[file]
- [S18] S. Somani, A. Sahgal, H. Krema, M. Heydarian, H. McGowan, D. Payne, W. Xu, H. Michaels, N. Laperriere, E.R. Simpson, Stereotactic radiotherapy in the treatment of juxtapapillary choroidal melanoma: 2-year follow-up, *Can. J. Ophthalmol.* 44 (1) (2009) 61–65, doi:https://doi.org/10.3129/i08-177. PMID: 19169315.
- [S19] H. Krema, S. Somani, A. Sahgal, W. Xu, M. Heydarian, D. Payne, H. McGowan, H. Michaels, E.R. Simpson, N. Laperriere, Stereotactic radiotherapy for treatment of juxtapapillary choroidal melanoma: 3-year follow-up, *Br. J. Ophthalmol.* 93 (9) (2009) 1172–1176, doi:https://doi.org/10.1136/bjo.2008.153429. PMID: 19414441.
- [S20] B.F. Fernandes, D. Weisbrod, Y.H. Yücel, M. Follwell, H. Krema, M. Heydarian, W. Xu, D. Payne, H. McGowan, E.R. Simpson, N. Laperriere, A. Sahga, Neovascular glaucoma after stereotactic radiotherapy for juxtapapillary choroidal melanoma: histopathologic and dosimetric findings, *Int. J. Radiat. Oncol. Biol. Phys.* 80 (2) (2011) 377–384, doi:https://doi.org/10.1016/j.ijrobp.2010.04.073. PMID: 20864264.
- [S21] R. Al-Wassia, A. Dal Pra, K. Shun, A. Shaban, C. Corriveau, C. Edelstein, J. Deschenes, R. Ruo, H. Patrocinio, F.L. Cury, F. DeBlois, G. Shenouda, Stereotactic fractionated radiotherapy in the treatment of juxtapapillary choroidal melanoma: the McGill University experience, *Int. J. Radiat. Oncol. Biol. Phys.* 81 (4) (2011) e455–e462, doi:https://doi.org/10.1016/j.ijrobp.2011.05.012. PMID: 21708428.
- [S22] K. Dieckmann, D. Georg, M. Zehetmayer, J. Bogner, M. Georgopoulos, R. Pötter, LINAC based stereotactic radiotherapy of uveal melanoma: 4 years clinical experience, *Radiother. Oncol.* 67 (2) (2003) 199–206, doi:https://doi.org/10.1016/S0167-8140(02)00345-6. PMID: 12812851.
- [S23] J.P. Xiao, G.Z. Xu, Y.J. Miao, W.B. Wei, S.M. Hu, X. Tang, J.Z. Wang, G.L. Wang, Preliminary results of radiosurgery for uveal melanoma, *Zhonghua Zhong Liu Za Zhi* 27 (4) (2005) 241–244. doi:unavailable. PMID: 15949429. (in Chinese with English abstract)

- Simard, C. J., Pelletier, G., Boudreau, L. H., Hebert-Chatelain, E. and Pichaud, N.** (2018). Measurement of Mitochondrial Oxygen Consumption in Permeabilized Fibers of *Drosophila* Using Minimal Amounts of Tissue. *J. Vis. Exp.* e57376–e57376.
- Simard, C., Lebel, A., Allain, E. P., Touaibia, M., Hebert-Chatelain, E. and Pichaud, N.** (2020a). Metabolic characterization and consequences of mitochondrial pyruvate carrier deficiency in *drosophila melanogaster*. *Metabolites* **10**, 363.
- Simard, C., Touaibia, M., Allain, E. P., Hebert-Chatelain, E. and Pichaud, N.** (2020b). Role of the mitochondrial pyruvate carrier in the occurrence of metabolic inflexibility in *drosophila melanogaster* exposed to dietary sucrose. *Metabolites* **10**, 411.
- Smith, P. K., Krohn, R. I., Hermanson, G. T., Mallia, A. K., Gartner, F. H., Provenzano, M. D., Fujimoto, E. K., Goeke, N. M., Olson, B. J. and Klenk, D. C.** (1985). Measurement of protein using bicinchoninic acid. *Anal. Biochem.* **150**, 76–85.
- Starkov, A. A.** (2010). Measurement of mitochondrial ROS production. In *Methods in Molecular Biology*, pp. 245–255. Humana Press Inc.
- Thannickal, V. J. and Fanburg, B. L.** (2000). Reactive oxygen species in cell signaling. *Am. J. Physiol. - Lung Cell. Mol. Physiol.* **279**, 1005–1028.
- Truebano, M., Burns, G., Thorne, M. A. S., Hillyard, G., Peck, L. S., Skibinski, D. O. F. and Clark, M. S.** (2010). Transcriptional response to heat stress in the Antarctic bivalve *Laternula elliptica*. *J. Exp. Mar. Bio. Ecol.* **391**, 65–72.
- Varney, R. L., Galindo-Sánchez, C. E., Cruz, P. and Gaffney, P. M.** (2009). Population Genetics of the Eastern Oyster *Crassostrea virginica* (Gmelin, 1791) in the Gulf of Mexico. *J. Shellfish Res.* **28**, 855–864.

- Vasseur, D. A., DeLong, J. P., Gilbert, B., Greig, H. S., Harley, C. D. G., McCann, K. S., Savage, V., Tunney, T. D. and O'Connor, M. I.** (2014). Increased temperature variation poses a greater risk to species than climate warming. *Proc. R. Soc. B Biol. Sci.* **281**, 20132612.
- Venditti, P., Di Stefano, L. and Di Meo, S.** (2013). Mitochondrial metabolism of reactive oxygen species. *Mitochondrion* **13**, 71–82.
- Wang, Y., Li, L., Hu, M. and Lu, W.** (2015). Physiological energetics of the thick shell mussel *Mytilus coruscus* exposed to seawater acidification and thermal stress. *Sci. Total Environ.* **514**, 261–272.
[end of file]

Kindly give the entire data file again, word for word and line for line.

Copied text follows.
- [S18] S. Somani, A. Sahgal, H. Krema, M. Heydarian, H. McGowan, D. Payne, W. Xu, H. Michaels, N. Laperriere, E.R. Simpson, Stereotactic radiotherapy in the treatment of juxtapapillary choroidal melanoma: 2-year follow-up, *Can. J. Ophthalmol.* 44 (1) (2009) 61–65, doi:https://doi.org/10.3129/i08-177. PMID: 19169315.
- [S19] H. Krema, S. Somani, A. Sahgal, W. Xu, M. Heydarian, D. Payne, H. McGowan, H. Michaels, E.R. Simpson, N. Laperriere, Stereotactic radiotherapy for treatment of juxtapapillary choroidal melanoma: 3-year follow-up, *Br. J. Ophthalmol.* 93 (9) (2009) 1172–1176, doi:https://doi.org/10.1136/bjo.2008.153429. PMID: 19414441.
- [S20] B.F. Fernandes, D. Weisbrod, Y.H. Yücel, M. Follwell, H. Krema, M. Heydarian, W. Xu, D. Payne, H. McGowan, E.R. Simpson, N. Laperriere, A. Sahga, Neovascular glaucoma after stereotactic radiotherapy for juxtapapillary choroidal melanoma: histopathologic and dosimetric findings, *Int. J. Radiat. Oncol. Biol. Phys.* 80 (2) (2011) 377–384, doi:https://doi.org/10.1016/j.ijrobp.2010.04.073. PMID: 20864264.
- [S21] R. Al-Wassia, A. Dal Pra, K. Shun, A. Shaban, C. Corriveau, C. Edelstein, J. Deschenes, R. Ruo, H. Patrocinio, F.L. Cury, F. DeBlois, G. Shenouda, Stereotactic fractionated radiotherapy in the treatment of juxtapapillary choroidal melanoma: the McGill University experience, *Int. J. Radiat. Oncol. Biol. Phys.* 81 (4) (2011) e455–e462, doi:https://doi.org/10.1016/j.ijrobp.2011.05.012. PMID: 21708428.
- [S22] K. Dieckmann, D. Georg, M. Zehetmayer, J. Bogner, M. Georgopoulos, R. Pötter, LINAC based stereotactic radiotherapy of uveal melanoma: 4 years clinical experience, *Radiother. Oncol.* 67 (2) (2003) 199–206, doi:https://doi.org/10.1016/S0167-8140(02)00345-6. PMID: 12812851.
- [S23] J.P. Xiao, G.Z. Xu, Y.J. Miao, W.B. Wei, S.M. Hu, X. Tang, J.Z. Wang, G.L. Wang, Preliminary results of radiosurgery for uveal melanoma, *Zhonghua Zhong Liu Za Zhi* 27 (4) (2005) 241–244. doi:unavailable. PMID: 15949429. (in Chinese with English abstract)

- Simard, C. J., Pelletier, G., Boudreau, L. H., Hebert-Chatelain, E. and Pichaud, N.** (2018). Measurement of Mitochondrial Oxygen Consumption in Permeabilized Fibers of *Drosophila* Using Minimal Amounts of Tissue. *J. Vis. Exp.* e57376–e57376.
- Simard, C., Lebel, A., Allain, E. P., Touaibia, M., Hebert-Chatelain, E. and Pichaud, N.** (2020a). Metabolic characterization and consequences of mitochondrial pyruvate carrier deficiency in *drosophila melanogaster*. *Metabolites* **10**, 363.
- Simard, C., Touaibia, M., Allain, E. P., Hebert-Chatelain, E. and Pichaud, N.** (2020b). Role of the mitochondrial pyruvate carrier in the occurrence of metabolic inflexibility in *drosophila melanogaster* exposed to dietary sucrose. *Metabolites* **10**, 411.
- Smith, P. K., Krohn, R. I., Hermanson, G. T., Mallia, A. K., Gartner, F. H., Provenzano, M. D., Fujimoto, E. K., Goeke, N. M., Olson, B. J. and Klenk, D. C.** (1985). Measurement of protein using bicinchoninic acid. *Anal. Biochem.* **150**, 76–85.
- Starkov, A. A.** (2010). Measurement of mitochondrial ROS production. In *Methods in Molecular Biology*, pp. 245–255. Humana Press Inc.
- Thannickal, V. J. and Fanburg, B. L.** (2000). Reactive oxygen species in cell signaling. *Am. J. Physiol. - Lung Cell. Mol. Physiol.* **279**, 1005–1028.
- Truebano, M., Burns, G., Thorne, M. A. S., Hillyard, G., Peck, L. S., Skibinski, D. O. F. and Clark, M. S.** (2010). Transcriptional response to heat stress in the Antarctic bivalve *Laternula elliptica*. *J. Exp. Mar. Bio. Ecol.* **391**, 65–72.
- Varney, R. L., Galindo-Sánchez, C. E., Cruz, P. and Gaffney, P. M.** (2009). Population Genetics of the Eastern Oyster *Crassostrea virginica* (Gmelin, 1791) in the Gulf of Mexico. *J. Shellfish Res.* **28**, 855–864.

- Vasseur, D. A., DeLong, J. P., Gilbert, B., Greig, H. S., Harley, C. D. G., McCann, K. S., Savage, V., Tunney, T. D. and O'Connor, M. I.** (2014). Increased temperature variation poses a greater risk to species than climate warming. *Proc. R. Soc. B Biol. Sci.* **281**, 20132612.
- Venditti, P., Di Stefano, L. and Di Meo, S.** (2013). Mitochondrial metabolism of reactive oxygen species. *Mitochondrion* **13**, 71–82.
- Wang, Y., Li, L., Hu, M. and Lu, W.** (2015). Physiological energetics of the thick shell mussel *Mytilus coruscus* exposed to seawater acidification and thermal stress. *Sci. Total Environ.* **514**, 261–272.